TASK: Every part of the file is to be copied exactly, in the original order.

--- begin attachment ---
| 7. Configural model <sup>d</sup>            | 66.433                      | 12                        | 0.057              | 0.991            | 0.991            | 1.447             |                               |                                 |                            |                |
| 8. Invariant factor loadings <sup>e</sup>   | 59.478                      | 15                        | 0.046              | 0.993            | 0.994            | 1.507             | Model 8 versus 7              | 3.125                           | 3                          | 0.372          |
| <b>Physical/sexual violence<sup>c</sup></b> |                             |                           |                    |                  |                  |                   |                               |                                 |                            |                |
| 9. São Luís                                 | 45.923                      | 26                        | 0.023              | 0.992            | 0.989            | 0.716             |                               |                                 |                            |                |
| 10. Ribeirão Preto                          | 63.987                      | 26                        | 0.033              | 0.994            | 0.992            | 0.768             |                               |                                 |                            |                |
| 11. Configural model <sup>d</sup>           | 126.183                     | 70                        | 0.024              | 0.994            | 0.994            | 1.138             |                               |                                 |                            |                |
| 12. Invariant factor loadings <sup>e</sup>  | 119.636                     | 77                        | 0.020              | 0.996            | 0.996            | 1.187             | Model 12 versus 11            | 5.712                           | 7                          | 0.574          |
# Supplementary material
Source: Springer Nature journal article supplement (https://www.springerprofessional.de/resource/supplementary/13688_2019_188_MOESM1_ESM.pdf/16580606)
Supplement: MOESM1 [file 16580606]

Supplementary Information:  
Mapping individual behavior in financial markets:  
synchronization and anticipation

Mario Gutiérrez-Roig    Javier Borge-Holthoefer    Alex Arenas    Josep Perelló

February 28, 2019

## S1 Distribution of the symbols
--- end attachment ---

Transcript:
| 7. Configural model <sup>d</sup>            | 66.433                      | 12                        | 0.057              | 0.991            | 0.991            | 1.447             |                               |                                 |                            |                |
| 8. Invariant factor loadings <sup>e</sup>   | 59.478                      | 15                        | 0.046              | 0.993            | 0.994            | 1.507             | Model 8 versus 7              | 3.125                           | 3                          | 0.372          |
| <b>Physical/sexual violence<sup>c</sup></b> |                             |                           |                    |                  |                  |                   |                               |                                 |                            |                |
| 9. São Luís                                 | 45.923                      | 26                        | 0.023              | 0.992            | 0.989            | 0.716             |                               |                                 |                            |                |
| 10. Ribeirão Preto                          | 63.987                      | 26                        | 0.033              | 0.994            | 0.992            | 0.768             |                               |                                 |                            |                |
| 11. Configural model <sup>d</sup>           | 126.183                     | 70                        | 0.024              | 0.994            | 0.994            | 1.138             |                               |                                 |                            |                |
| 12. Invariant factor loadings <sup>e</sup>  | 119.636                     | 77                        | 0.020              | 0.996            | 0.996            | 1.187             | Model 12 versus 11            | 5.712                           | 7                          | 0.574          |
# Supplementary material
Source: Springer Nature journal article supplement (https://www.springerprofessional.de/resource/supplementary/13688_2019_188_MOESM1_ESM.pdf/16580606)
Supplement: MOESM1 [file 16580606]

Supplementary Information:  
Mapping individual behavior in financial markets:  
synchronization and anticipation

Mario Gutiérrez-Roig    Javier Borge-Holthoefer    Alex Arenas    Josep Perelló

February 28, 2019

## S1 Distribution of the symbols